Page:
Not the $2.5 billion high school


By ANDREW SHEN, sophomore

Opinion 2ON AUGUST 31, 2015, only days before the start of the new school year, CNN published an article by Hope King titled “The $2.5 billion high school,” detailing the success stories of three JP alumni. In the article, the academically-challenging and innovative atmosphere of JP is praised and highlighted as a reason for the success of these graduates. Yet it is unreasonable to assume that this competitive environment alone is a direct path to success. Although the unmistakably driven character of JP’s students can inspire success, other students have crumbled under the pressure because they could not and did not fit the typical definition of success.

In the article, King emphasizes the environment that nurtured the minds of Chieh Huang, Matt Salzberg, and Ken Chen, co-founders of Boxed, Blue Apron, and Nature Box, respectively—three startups with a combined value of more than $2 billion. The JP Stevens community of 15 years ago is described as “competitive” yet “collaborative,” with a merit-based social hierarchy. The same social hierarchy exists today. Students remain as intensely focused as ever, comparing schedules to determine the rigor of each other’s classes, and boasting about the number of extracurricular activities they participate in. This meritbased social hierarchy correlates the number of achievements someone has to the amount of respect he or she is given; the few students who manage to balance superb marks with significant volunteer work are almost venerated. It is clear that these three entrepreneurs were at the top of our school not only because they met this criteria, but also because this environment was conducive to success. In school, the main focus is to attain good grades. Once students graduate, this focus shifts to providing for themselves and finding personal success. The merit-based social hierarchy encourages students to try to achieve the conventional definition of success during their formative years, students are motivated to continue attaining their goals in the future. Although Chen, Huang, and Salzberg’s success could also be attributed to the rise in e-commerce and the debut of the internet during their years here, had they gone to JP Stevens in a different time period, their own personal work ethics and abilities would have enabled them to succeed in another field amenable to the circumstances. Because many students take away valuable life lessons and persistent determination from trying to climb up the social hierarchy of JP, a meritbased hierarchy can certainly be beneficial due to the similarity it holds to the real world.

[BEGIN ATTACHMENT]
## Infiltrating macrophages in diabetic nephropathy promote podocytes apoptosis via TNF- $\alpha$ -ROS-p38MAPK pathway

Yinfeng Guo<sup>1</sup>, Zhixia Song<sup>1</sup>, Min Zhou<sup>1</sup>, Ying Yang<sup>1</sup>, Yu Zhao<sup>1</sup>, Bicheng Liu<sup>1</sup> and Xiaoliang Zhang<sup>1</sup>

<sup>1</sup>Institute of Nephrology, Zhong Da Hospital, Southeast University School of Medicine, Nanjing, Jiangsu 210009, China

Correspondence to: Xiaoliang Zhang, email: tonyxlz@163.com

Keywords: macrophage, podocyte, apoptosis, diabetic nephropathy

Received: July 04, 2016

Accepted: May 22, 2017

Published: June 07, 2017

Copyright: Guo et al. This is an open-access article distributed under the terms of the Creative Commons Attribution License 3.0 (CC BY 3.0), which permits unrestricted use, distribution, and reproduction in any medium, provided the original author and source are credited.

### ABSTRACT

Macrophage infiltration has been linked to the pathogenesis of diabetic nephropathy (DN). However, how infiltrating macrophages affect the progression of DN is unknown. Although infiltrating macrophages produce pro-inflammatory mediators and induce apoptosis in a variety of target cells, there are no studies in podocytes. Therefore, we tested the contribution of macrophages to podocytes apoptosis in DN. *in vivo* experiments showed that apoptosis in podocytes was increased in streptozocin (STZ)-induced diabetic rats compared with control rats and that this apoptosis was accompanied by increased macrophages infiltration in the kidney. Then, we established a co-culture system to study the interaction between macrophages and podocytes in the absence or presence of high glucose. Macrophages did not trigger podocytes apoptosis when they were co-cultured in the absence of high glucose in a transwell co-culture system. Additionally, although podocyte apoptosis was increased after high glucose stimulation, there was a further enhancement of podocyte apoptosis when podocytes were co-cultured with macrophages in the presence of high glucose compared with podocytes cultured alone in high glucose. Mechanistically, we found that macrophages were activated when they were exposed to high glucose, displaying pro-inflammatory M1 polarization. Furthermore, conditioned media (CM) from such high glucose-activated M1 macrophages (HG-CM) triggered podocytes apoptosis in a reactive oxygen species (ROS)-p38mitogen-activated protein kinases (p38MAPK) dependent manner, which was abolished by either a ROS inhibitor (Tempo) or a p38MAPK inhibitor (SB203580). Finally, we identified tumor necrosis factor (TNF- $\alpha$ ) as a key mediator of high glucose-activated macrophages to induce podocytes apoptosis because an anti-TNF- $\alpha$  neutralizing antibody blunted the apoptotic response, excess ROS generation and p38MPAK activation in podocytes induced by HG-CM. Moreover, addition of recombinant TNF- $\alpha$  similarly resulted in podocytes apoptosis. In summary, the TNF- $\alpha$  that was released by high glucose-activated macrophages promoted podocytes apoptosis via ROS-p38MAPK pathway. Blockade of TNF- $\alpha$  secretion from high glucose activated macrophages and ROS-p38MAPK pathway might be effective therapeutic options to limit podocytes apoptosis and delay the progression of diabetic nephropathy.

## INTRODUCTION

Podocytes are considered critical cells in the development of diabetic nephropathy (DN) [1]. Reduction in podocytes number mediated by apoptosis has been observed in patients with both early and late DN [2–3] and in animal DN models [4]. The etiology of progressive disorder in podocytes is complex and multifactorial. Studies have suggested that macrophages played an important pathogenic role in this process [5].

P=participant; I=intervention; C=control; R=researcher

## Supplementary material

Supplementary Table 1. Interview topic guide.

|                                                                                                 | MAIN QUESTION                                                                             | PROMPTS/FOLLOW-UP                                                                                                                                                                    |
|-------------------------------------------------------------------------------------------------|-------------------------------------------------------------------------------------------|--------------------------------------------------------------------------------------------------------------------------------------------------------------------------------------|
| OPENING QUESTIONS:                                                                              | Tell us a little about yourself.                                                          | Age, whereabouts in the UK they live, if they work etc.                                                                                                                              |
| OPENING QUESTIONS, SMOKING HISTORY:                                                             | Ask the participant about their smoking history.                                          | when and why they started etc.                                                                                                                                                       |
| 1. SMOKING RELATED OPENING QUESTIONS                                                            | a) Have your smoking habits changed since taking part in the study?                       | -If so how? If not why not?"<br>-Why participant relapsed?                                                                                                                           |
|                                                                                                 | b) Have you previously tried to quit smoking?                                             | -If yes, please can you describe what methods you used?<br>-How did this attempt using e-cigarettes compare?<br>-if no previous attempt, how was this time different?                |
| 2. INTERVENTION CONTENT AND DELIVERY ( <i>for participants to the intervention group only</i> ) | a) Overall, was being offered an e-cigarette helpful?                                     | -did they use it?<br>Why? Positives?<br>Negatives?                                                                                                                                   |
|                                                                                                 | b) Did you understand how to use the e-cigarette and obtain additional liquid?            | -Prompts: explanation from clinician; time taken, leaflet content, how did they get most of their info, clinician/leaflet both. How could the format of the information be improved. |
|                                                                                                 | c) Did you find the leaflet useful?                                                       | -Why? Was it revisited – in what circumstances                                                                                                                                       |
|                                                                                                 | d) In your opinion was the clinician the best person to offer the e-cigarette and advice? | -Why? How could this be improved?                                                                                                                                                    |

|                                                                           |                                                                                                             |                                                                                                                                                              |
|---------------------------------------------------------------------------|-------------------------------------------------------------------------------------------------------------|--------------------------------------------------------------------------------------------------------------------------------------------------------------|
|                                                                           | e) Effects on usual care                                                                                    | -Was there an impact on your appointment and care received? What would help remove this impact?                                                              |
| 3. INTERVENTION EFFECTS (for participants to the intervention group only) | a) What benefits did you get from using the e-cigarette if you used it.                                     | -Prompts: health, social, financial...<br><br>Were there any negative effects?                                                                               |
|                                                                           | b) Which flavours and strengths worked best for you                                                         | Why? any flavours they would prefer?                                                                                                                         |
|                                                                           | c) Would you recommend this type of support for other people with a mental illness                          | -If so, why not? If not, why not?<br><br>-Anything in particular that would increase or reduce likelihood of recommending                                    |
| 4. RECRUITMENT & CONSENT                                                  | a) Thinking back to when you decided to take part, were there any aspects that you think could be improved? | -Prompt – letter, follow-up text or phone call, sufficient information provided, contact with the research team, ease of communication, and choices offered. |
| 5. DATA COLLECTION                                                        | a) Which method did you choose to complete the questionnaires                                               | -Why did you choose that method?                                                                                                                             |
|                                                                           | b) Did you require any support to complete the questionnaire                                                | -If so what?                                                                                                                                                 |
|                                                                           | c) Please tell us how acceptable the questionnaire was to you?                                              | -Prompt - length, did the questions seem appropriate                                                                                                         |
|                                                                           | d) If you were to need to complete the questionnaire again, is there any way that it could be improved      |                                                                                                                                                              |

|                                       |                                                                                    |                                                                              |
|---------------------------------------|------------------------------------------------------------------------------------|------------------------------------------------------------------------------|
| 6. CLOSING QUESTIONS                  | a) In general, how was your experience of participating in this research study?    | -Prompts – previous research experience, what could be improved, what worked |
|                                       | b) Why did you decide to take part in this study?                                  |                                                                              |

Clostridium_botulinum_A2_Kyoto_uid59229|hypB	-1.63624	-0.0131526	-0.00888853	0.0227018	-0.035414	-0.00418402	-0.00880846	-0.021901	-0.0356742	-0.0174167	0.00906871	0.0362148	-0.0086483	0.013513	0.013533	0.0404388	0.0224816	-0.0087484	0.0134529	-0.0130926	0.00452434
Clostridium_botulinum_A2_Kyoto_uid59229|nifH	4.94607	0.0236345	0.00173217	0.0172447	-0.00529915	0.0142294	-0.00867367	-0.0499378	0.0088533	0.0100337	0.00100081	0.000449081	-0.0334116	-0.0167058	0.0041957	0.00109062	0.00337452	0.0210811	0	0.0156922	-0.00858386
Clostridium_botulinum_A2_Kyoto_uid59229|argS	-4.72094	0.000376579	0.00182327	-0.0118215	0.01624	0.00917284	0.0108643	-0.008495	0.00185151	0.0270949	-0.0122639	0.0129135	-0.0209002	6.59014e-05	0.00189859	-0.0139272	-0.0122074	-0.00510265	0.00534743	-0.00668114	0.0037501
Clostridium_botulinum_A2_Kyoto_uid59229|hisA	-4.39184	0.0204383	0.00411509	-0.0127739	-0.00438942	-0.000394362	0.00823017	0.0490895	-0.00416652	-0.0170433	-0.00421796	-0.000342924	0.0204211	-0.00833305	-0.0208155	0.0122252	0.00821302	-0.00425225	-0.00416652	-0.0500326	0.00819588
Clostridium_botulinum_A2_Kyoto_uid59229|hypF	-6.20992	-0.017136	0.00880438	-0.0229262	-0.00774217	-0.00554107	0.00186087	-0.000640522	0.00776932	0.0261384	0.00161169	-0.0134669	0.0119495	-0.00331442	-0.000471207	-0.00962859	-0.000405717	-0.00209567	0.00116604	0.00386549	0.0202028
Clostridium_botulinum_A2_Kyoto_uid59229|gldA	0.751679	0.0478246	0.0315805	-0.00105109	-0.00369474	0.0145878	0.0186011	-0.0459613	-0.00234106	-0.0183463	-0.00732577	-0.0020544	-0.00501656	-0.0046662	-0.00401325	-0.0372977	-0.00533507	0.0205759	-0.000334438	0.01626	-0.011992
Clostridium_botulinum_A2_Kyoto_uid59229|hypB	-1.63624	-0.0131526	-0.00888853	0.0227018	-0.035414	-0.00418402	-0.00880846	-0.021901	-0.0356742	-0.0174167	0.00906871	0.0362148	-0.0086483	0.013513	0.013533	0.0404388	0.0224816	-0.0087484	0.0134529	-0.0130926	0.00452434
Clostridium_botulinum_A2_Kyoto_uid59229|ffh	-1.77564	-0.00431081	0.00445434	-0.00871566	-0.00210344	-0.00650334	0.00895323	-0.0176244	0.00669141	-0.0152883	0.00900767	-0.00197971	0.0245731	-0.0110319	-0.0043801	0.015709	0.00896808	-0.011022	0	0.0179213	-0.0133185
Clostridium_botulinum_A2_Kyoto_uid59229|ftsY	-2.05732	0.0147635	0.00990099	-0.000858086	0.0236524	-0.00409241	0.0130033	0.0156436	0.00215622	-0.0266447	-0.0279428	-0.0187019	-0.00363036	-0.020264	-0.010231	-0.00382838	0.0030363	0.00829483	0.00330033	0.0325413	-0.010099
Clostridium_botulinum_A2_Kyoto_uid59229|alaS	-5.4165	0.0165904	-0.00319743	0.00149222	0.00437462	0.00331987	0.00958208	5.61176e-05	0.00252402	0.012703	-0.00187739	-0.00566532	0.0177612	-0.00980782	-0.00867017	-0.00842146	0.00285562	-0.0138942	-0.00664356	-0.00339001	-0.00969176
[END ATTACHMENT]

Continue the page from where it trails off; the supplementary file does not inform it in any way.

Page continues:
Some qualifications to be at the top are listed as “the number of AP classes you took, your SAT score, and how many extracurricular activities you were in.” However, this shows the darker side of solely focusing on achievement. King’s article even states the “unspoken rule: Participation in clubs didn’t count unless you were president or on the executive board.” This intense competition to amass as many leadership positions as possible is simply absurd. Joining this rat race defeats the entire purpose of extracurriculars. Extracurriculars are means through which interests are supposed to be developed, not just numbers and words on someone’s college application. Even though many students approach participate in clubs without thought of college applications, the aforementioned competition is growing to be unhealthy. Is this type of academic-based social hierarchy really an improvement from a reputation determined by what clothes you wear or with whom you sit with at lunch? Of course, students are more prepared for the real world with a mindset already geared toward hard work, but the fine line between determination and overexertion is one that is too easily crossed. JP students may find real-world success because of this stringent social hierarchy, but this success comes at a high price.

Hope King makes a valid point that JP Stevens is an excellent school for having produced three brilliant innovators who have helped change the world in their own right. However, her article fails to grasp the entire reality of JP Stevens. The social hierarchy is definitely deserving of praise for its ability to prepare students for the reality of the adult world. Nonetheless, there are instances when competition serves to hurt rather than help, and not everybody is cut out for what many constitute as success. Though JP Stevens has produced countless talented alumni, it is important to remember that the distinctive experience alone makes the school worth much more than the moniker of the “$2.5 billion high school.”

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